The Mummy of Hor in Swansea

Yesterday was so wet and miserable that I decided to cheer myself up by visiting one of my favourite places - Swansea Museum.

Built in 1851, the museum retains an wonderful old fashioned quality that is a delight to look around.

Of course, one of the reasons for me visiting for the upteenth time is the fact that it houses a mummy in its own special tomb-like room.  The mummy identified by the name Hor was a clothier priest and scribe of Atum from the Ptolemy period.  He lived in Akhmin in Upper Egypt.

The mummy and its coffin are displayed together with x-rays taken by the Department of Radiology at Royal Gwent Hospital in Newport and with a further display case containing 22 objects which include pots, servant figures, decorated cartonnage and a mummified duck.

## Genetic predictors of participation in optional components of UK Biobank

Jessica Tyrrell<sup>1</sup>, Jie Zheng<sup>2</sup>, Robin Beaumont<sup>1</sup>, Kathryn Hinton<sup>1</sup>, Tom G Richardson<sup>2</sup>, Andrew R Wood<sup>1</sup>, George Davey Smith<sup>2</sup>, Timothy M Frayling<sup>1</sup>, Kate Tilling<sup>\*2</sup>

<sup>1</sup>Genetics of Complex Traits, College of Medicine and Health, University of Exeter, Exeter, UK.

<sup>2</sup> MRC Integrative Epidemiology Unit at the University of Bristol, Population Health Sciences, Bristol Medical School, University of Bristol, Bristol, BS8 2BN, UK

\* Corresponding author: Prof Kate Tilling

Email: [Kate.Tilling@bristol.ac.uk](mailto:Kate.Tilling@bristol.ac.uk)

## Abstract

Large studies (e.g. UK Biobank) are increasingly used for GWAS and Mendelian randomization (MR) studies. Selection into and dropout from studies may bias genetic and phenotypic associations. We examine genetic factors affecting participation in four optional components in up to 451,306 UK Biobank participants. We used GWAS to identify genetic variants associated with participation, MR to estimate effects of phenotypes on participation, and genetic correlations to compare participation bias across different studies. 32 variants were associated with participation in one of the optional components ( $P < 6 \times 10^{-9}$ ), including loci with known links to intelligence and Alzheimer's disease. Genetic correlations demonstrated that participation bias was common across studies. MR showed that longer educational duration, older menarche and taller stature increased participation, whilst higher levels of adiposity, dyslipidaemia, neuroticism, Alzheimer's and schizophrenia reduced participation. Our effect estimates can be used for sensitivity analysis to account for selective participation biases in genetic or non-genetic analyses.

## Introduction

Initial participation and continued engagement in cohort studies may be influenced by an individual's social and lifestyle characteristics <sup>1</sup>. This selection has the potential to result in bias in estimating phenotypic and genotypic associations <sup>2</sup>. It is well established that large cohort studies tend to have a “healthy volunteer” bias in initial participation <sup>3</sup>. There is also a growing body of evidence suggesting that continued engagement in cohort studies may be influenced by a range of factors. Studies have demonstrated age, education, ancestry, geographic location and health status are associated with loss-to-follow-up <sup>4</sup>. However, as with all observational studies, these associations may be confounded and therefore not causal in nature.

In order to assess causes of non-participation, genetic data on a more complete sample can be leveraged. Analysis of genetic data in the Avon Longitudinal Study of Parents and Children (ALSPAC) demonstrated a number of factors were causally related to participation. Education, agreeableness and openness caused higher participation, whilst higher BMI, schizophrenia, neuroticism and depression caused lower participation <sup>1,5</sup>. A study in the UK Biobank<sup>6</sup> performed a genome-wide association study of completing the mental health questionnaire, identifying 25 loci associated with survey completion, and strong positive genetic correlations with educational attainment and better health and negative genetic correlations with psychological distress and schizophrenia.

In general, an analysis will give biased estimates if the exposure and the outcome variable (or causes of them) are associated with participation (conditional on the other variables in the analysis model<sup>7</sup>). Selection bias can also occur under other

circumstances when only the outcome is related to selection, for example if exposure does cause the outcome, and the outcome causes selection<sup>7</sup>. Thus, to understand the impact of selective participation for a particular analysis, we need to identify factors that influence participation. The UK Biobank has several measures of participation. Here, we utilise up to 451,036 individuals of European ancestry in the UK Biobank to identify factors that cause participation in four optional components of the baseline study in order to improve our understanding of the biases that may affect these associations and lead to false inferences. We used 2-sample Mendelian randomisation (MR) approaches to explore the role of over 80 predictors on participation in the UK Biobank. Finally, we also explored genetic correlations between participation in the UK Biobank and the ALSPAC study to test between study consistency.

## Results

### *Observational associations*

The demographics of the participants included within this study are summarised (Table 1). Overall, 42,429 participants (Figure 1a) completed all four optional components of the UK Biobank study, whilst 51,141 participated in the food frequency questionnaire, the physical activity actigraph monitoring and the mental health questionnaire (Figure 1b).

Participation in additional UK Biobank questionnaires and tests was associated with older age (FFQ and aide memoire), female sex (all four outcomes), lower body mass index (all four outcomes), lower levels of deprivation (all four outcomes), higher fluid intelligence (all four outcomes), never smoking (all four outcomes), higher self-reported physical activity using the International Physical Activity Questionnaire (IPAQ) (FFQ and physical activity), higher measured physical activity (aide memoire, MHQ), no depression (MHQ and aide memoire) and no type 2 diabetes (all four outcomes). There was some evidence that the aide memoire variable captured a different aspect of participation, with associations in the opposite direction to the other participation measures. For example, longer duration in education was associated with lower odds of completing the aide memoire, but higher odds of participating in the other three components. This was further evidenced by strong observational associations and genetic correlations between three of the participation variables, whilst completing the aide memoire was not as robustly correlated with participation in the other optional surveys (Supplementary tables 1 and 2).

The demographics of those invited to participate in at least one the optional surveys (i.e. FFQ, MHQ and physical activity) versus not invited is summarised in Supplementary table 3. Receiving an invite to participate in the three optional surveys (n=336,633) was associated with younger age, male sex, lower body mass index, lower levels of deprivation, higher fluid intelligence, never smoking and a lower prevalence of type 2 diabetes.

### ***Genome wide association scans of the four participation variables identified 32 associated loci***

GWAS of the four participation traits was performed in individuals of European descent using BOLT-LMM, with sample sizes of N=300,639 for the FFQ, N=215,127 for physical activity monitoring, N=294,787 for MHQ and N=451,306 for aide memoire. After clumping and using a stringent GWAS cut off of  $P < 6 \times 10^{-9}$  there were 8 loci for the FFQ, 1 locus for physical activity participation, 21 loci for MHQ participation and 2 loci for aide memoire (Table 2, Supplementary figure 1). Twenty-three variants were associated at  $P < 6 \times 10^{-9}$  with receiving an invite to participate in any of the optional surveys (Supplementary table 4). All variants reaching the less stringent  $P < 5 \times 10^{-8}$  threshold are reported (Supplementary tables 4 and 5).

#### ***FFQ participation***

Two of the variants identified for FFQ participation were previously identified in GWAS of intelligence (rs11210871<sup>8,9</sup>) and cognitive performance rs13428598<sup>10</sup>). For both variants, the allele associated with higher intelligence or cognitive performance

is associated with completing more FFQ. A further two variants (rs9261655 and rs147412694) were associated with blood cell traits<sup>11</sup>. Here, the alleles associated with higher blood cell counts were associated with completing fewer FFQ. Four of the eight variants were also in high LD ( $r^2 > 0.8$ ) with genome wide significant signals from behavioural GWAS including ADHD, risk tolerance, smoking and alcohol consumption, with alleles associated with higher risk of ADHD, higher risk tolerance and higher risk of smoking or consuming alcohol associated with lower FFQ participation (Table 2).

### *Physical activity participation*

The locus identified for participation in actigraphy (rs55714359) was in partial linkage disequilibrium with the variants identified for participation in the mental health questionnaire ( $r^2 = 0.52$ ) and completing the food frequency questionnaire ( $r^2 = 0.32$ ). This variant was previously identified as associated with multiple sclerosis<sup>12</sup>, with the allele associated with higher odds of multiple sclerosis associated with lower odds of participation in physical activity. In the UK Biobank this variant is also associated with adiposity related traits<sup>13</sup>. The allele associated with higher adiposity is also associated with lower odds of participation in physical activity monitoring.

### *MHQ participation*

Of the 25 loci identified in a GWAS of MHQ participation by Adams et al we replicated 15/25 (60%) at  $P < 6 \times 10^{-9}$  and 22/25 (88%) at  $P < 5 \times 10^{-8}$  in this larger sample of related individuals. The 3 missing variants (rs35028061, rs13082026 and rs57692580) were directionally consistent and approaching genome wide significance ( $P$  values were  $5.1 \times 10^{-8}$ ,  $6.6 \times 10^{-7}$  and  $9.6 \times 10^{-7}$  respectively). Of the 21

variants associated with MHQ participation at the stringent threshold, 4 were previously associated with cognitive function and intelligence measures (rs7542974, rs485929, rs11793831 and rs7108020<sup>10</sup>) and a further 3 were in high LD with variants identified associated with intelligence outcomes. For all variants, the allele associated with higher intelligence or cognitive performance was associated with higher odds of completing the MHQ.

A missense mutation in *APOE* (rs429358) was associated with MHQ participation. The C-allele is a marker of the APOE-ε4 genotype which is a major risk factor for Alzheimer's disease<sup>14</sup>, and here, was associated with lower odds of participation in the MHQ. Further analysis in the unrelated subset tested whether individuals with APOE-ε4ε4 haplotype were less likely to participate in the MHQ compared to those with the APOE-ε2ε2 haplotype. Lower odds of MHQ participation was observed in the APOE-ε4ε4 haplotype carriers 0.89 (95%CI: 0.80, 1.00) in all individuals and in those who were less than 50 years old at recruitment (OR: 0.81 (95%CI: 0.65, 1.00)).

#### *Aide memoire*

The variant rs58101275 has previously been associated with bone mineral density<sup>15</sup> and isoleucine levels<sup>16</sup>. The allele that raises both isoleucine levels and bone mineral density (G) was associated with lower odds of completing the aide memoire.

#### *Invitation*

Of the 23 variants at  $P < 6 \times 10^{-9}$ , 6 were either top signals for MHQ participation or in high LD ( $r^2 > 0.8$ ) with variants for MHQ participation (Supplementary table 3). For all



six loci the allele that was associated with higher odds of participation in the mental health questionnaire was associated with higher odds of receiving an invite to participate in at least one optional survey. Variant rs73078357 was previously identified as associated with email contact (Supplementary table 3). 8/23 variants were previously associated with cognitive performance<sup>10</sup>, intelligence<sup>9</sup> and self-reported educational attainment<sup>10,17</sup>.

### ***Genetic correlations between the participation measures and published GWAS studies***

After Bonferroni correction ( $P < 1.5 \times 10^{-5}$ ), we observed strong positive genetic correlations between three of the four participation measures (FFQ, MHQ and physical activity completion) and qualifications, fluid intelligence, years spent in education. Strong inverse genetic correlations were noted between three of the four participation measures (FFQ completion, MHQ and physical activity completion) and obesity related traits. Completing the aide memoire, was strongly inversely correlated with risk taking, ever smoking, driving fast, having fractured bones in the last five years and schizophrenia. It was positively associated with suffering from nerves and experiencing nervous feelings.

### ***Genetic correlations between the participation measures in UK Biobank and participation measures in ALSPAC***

Hor was given to the museum by Field-General Lord Francis Grenfell in 1888 and has in recent times undergone investigation and conservation.

A further 30 Egyptian antiquities can be found in the neighbouring 'Cabinet of Curiosities' room which also contains an eclectic mix of other displays featuring the old, the more modern and the unusual.

If you find yourself passing through Swansea, go and take a look...you will not be disappointed!

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